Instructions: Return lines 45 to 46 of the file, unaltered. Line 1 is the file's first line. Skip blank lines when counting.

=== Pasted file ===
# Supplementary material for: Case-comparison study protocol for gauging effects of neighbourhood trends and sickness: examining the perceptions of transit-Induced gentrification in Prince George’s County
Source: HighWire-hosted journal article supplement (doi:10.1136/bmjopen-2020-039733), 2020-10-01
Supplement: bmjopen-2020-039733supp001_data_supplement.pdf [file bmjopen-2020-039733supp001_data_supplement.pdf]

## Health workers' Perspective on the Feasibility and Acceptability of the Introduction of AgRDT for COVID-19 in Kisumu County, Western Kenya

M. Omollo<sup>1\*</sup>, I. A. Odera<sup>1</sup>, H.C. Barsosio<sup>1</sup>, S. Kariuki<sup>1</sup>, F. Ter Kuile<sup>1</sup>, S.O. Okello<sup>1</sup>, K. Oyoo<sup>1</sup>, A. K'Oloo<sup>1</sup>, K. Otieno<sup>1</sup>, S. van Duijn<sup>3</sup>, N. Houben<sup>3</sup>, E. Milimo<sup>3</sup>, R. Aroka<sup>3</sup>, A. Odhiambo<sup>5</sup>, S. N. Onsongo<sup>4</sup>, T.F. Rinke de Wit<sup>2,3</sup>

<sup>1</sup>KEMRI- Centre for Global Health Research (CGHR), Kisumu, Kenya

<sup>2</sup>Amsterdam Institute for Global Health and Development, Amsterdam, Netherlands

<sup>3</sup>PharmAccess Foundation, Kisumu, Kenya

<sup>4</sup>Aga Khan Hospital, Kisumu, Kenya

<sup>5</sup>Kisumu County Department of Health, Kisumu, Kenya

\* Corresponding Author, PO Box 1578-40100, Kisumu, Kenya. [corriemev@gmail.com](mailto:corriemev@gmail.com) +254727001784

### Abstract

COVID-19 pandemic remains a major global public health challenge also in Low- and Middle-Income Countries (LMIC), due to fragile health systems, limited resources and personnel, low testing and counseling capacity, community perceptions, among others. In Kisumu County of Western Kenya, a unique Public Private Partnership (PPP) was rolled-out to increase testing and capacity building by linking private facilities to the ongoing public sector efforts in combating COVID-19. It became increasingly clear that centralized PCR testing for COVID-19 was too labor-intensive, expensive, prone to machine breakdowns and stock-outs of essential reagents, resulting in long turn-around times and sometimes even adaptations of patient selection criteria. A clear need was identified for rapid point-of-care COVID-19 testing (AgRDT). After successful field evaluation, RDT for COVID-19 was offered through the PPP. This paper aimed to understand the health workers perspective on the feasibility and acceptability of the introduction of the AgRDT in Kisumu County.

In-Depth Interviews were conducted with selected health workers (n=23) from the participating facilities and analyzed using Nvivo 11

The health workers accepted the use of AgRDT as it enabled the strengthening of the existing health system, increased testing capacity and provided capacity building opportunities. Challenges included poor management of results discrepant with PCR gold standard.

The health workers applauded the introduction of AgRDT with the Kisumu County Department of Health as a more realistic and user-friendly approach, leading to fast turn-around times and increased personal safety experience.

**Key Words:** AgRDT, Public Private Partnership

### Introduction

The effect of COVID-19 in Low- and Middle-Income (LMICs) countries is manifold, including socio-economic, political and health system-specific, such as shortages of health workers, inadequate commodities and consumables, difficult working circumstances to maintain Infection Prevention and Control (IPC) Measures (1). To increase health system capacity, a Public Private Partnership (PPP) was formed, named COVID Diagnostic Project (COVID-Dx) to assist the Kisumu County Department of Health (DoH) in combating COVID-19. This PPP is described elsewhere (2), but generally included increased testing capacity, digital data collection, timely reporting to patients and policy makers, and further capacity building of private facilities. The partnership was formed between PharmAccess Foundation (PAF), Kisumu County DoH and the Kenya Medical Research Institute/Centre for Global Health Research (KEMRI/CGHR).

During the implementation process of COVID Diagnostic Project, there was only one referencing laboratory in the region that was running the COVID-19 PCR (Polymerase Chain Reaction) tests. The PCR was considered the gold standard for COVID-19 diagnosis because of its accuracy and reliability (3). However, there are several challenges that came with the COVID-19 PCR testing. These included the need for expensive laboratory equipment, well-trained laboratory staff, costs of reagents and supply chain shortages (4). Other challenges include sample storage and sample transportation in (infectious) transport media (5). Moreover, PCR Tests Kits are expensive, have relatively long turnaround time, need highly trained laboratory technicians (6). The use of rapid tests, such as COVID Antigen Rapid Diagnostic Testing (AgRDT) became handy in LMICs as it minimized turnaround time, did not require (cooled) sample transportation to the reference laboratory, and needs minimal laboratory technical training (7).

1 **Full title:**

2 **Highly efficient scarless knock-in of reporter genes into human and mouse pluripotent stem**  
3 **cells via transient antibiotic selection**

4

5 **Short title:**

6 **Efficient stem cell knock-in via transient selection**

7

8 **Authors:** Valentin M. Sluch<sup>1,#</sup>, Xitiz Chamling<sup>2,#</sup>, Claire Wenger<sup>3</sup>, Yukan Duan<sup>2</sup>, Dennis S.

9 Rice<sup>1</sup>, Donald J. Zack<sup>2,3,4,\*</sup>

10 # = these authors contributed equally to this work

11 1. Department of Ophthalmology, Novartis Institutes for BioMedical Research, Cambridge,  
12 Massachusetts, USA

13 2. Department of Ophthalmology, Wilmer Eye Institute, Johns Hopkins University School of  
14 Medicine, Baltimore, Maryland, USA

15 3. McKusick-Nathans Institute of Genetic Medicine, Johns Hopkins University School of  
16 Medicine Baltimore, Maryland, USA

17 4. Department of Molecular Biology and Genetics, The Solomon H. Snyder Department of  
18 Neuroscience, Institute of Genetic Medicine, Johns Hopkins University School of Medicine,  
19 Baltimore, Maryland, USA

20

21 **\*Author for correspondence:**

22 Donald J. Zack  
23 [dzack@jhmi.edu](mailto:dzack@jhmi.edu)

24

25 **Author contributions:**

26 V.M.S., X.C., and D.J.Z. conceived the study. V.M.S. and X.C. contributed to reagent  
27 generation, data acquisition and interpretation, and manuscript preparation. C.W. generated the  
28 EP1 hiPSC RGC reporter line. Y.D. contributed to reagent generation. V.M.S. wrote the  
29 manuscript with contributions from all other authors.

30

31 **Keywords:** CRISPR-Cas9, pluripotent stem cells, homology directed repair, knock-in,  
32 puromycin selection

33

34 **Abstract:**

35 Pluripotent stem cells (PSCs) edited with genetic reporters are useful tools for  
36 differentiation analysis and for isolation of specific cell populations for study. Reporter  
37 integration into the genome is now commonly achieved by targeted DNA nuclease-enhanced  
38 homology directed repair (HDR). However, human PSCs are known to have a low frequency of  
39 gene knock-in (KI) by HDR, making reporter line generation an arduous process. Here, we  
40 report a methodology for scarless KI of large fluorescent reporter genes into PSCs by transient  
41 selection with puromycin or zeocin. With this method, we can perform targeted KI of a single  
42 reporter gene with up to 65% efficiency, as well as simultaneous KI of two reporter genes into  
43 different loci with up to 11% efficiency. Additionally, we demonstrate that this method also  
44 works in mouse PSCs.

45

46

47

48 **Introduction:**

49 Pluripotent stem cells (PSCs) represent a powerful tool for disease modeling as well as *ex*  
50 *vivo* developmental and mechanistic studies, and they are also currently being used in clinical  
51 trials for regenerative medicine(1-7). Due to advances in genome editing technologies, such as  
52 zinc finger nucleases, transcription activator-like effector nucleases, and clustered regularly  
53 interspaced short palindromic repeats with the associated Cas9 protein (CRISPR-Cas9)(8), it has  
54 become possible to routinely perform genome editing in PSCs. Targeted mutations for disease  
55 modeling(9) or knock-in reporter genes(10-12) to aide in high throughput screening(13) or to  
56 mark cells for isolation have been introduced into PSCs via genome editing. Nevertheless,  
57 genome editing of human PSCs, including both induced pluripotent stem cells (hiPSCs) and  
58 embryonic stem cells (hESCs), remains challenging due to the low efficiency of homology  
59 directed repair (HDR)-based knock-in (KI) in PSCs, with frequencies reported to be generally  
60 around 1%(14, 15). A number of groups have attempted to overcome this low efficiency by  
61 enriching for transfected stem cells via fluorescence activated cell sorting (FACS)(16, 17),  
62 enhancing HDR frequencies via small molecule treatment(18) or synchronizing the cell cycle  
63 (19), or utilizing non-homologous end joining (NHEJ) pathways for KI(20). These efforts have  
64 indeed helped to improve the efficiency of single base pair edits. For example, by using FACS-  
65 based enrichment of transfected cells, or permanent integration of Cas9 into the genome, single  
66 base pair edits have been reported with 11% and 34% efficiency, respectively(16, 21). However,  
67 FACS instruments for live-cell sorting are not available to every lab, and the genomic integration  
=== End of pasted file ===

25 **Author contributions:**

26 V.M.S., X.C., and D.J.Z. conceived the study. V.M.S. and X.C. contributed to reagent  